“Perspectives” is a regular feature written by guest authors from the access to justice field. To pitch article ideas, email 

The opinions expressed are those of the author(s) and do not necessarily reflect the views of the firm, its clients or Portfolio Media Inc., or any of its or their respective affiliates. This article is for general information purposes and is not intended to be and should not be taken as legal advice.





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Corruption of EU nationality law: a perfect injustice




Infringements highlighted by the EU over sale of golden passports may not be solid in law

By Alper Ali Riza


The golden passports scandal is a misnomer. A passport is evidence of nationality so the scandal is a nationality scandal. Nationality is a much deeper bond between the individual and the society he or she belongs to and selling nationality is more egregious than selling a travel document.

Nationality is normally acquired by birth, parentage or long residence because each of these suggests a sense of belonging that cements the individual to the society of the country of which he is a national.

But what if instead of birth, parentage and long residence someone purchases a nationality from a state willing to sell it? Is that in and of itself corrupt or abuse of an idea? Most people would say it is obviously a corruption of some sort, but of what?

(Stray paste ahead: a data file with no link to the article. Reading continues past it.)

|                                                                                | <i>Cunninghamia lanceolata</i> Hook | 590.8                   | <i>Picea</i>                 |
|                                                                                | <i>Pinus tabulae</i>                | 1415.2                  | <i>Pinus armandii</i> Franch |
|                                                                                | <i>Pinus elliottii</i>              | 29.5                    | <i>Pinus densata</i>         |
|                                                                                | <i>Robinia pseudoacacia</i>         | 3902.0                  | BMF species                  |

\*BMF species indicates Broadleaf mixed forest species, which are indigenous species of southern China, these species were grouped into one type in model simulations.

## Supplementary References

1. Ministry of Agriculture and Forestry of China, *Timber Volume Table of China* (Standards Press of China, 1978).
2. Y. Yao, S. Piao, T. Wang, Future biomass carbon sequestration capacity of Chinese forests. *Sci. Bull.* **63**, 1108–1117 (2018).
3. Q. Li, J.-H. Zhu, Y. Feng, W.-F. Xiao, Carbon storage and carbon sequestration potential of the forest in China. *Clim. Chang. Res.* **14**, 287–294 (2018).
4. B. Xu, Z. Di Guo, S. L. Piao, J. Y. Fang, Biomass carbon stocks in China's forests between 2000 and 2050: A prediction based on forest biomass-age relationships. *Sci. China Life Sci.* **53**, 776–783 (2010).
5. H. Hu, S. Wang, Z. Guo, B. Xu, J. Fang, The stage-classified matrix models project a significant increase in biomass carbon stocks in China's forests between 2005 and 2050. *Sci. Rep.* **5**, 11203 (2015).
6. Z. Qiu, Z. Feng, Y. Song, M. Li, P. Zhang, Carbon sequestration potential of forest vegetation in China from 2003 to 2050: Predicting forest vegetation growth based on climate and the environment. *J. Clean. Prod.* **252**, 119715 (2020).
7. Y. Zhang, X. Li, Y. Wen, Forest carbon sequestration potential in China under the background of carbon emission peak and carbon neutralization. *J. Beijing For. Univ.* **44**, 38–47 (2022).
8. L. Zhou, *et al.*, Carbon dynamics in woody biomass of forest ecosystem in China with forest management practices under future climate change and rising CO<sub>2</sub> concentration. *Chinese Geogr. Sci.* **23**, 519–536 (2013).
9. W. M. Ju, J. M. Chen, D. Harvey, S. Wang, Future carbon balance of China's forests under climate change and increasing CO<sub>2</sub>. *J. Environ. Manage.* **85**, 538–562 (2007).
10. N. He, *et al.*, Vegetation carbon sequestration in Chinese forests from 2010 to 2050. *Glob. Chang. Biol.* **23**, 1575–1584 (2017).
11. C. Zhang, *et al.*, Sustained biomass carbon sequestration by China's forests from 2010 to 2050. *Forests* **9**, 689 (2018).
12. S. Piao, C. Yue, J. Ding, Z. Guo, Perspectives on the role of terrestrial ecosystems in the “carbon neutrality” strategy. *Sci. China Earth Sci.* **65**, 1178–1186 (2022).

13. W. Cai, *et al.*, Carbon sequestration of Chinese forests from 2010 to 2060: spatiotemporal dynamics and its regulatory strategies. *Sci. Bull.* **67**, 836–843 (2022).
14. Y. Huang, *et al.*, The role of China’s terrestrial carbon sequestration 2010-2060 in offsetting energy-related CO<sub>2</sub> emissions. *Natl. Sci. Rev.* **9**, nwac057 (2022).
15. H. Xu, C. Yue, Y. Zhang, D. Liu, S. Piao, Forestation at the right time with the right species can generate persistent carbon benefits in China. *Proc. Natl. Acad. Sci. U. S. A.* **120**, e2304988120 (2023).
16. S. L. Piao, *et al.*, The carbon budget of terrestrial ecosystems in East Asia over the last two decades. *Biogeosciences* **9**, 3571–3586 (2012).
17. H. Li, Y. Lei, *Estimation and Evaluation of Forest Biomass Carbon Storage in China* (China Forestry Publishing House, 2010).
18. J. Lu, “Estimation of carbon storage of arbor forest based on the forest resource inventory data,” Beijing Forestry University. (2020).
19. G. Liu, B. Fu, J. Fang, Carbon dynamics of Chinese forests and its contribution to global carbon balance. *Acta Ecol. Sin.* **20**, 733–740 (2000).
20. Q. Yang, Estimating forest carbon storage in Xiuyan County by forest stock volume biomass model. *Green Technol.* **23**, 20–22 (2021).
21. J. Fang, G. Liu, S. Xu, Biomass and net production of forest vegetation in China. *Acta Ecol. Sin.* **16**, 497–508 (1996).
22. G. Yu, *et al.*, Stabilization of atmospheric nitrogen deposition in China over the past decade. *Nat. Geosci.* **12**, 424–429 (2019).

Cometh the hour cometh the man – or book. Media Corruption in the Age of Information by Dr Edward Spence of the Department of Philosophy, University of Sydney, Australia has just been published by Springer at exactly the right time to help people understand institutional corruption.

Before I go any further, I must declare an interest because Dr Spence is a close friend originally from Larnaca. We were both at the American Academy in the 1960s and remained close friends ever since. So the praise I heap on his book must be taken with a tiny pinch of salt. Also, I speed read through most of it, focusing on the chapters relevant to corruption generally, rather than the main thrust of the book which is corruption of information by Big Tech multinationals like Google and Facebook. Dr Spence’s book is an excellent tool in the war against corruption.

His thesis is that the Big Techs are masquerading as platforms beyond the reach of the law when they are in fact media outlets that should be subject to the usual constraints and legal responsibilities of all media institutions.

He castigates their malign domination of Information as fundamentally corrupt. They wield enormous power as hubs of information yet are answerable to no one. They are in a fiduciary relationship of trust with their users but as the Cambridge Analytica case shows, they are not just neutral information platforms on which information flows but repositories of personal data which they use unlawfully for gain while claiming the moral high ground.